Air fares normally drop faster than leaves during the fall. But this autumn, a series of ticketing fees promise to keep prices a little higher.
Northwest Airlines announced it would add a surcharge of between $5 and $15 for tickets booked offline. As I write this, several other airlines, including American Airlines, Continental Airlines and US Airways, have matched the fees.
Most travel pundits say these new charges are terrible. I disagree.
Consider how some travelers reacted to the news. When asked if the fees would change the way they purchased their tickets, 61 percent of travelers told Cyber Survey "no." I know, it isn't a scientific survey, and it's skewed towards those who already use the Internet.
But it does raise an interesting question: Will this fee have impact those who travel the most? I don't think so.
Nearly 75 percent of U.S. households have Internet access at home, according to a July 2004 Nielsen//NetRatings survey. The remaining 25 percent of homes without Internet access chiefly comprise the elderly and lower-income populations.
Yes, these new fees which most likely will be instituted by all major airlines will disproportionately prejudice these groups. However, these groups do very little air travel to begin with.
The reality is that these fees will affect those who travel the least.
In fact, the fees have the potential to actually benefit that group.
Think about it. Those who travel infrequently typically require a higher level of service. This new approach will provide that superior service. For a nominal fee, callers will have shorter wait time and more attentive service.
Psychologically, agents will feel obligated to assist paying customer, and not rushed with fewer calls waiting in queue.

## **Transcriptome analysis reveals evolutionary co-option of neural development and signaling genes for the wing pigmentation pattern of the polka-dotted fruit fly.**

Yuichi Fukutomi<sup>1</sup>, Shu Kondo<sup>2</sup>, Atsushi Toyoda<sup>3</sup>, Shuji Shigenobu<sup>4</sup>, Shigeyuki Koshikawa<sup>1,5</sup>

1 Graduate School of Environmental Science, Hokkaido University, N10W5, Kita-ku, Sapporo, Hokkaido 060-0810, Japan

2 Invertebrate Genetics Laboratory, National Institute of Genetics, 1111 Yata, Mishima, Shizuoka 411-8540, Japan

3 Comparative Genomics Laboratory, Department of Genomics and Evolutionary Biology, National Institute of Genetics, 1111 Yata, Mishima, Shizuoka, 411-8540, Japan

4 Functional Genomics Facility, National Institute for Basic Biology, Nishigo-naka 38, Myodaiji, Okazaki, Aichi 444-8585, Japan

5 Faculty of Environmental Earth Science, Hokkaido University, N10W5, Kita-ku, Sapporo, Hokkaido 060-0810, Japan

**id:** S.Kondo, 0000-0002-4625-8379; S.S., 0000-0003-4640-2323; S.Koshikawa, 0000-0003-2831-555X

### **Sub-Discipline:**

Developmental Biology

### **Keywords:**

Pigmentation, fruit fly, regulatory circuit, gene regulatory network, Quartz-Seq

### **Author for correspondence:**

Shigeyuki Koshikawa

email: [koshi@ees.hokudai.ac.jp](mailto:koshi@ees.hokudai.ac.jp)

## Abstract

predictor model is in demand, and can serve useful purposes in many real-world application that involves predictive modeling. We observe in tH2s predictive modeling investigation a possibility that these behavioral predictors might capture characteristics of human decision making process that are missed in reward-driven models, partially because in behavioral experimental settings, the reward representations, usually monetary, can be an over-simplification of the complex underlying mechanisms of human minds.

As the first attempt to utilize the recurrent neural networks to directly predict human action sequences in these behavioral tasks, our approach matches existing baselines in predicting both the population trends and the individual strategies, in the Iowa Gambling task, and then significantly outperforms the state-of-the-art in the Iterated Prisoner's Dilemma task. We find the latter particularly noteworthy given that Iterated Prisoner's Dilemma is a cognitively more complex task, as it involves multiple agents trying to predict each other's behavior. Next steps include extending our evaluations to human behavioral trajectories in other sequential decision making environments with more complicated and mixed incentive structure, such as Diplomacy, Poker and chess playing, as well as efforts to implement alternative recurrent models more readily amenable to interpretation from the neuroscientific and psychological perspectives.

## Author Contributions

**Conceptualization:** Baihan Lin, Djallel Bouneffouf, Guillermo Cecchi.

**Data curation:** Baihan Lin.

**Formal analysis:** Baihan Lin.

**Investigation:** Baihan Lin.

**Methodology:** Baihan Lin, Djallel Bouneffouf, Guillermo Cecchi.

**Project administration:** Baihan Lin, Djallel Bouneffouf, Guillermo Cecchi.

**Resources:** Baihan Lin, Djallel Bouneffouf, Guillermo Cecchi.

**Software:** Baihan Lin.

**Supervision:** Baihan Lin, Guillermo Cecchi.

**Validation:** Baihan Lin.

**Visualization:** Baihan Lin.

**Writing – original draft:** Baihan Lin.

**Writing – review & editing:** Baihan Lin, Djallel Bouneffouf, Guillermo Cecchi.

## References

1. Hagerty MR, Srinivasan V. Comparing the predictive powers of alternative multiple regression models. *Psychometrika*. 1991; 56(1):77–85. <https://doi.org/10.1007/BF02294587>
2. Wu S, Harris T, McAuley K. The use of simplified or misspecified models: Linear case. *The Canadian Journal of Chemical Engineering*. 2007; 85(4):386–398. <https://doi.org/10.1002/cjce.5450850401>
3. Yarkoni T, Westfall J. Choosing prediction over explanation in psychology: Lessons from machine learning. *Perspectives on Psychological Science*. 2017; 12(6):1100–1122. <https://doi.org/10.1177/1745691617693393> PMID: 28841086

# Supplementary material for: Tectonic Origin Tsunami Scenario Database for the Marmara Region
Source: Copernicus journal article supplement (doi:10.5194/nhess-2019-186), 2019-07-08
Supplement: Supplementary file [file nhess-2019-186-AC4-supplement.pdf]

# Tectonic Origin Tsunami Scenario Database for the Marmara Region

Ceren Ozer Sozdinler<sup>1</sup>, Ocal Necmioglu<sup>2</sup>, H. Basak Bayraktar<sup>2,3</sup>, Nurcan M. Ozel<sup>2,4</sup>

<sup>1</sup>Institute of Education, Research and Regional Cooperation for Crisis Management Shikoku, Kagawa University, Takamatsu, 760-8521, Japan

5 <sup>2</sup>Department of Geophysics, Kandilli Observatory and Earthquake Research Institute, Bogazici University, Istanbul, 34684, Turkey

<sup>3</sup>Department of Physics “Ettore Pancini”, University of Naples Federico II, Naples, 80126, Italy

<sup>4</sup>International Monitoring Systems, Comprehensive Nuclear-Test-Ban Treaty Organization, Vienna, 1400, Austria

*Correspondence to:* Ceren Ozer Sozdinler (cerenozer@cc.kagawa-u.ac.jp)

Keep in mind that airlines are a business with profit and loss statements, obligations to shareholders and employees to pay. The U.S. consumer has been the beneficiary of an excellent air transportation system. We enjoy low cost, secured air travel throughout the world with relative ease. To continue this boon, consumers should realize what's in our best interest.
In the latest edition of the Penny Pincher's Passport to Luxury Travel I talk about the value principle. I describe this as a relationship between your cost of business, and the receipt of preferential treatment and services. To maintain our preferential services, we need to help our travel providers maintain a sustainable cost structure that will permit their on-going existences.
Bear in mind that charging for support services is not limited to the major airlines. Southwest, JetBlue and Independence Air offer cheaper flights on their Web sites. Travel agents and third-party web sites commonly charge booking fees that range from $10 to $25.
This fee is not unlike that which other companies charge for using in-house services.
Call your satellite or cable provider to order pay-per-view, and pay an extra dollar-over the Internet or through your TV, it's free. Order a book from Barnes & Noble's Web site and pay less than you would in its stores. Buy stocks on-line for much less than talking to a broker (a task much more complex than purchasing an air ticket), talk to a bank teller and pay a fee.
Last week, when I called the manufacturer of my computer for support, the overseas outsourced employee took 22 minutes to comprehend my name and computer model. Another 47 minutes later, a technical support person attempted to assist me in broken English.
Although, I've made a habit of pinching pennies, I would have gladly paid $10 for a shorter wait time, and a representative who clearly understood my needs.
As a side note, Northwest has stated that this fee will help them avoid laying off any reservation agents. So it can be argued that these fees will help create and save much-needed employment for U.S. workers.
Although this is unfortunate, companies from all industries are trying to get you away from the human interface, which costs so much to maintain. So if you like to talk with people, it will cost you. If you can figure out how to buy something on your own, you'll save.
Despite our best attempts, we can't create a perfectly fair society.
Joel Widzer

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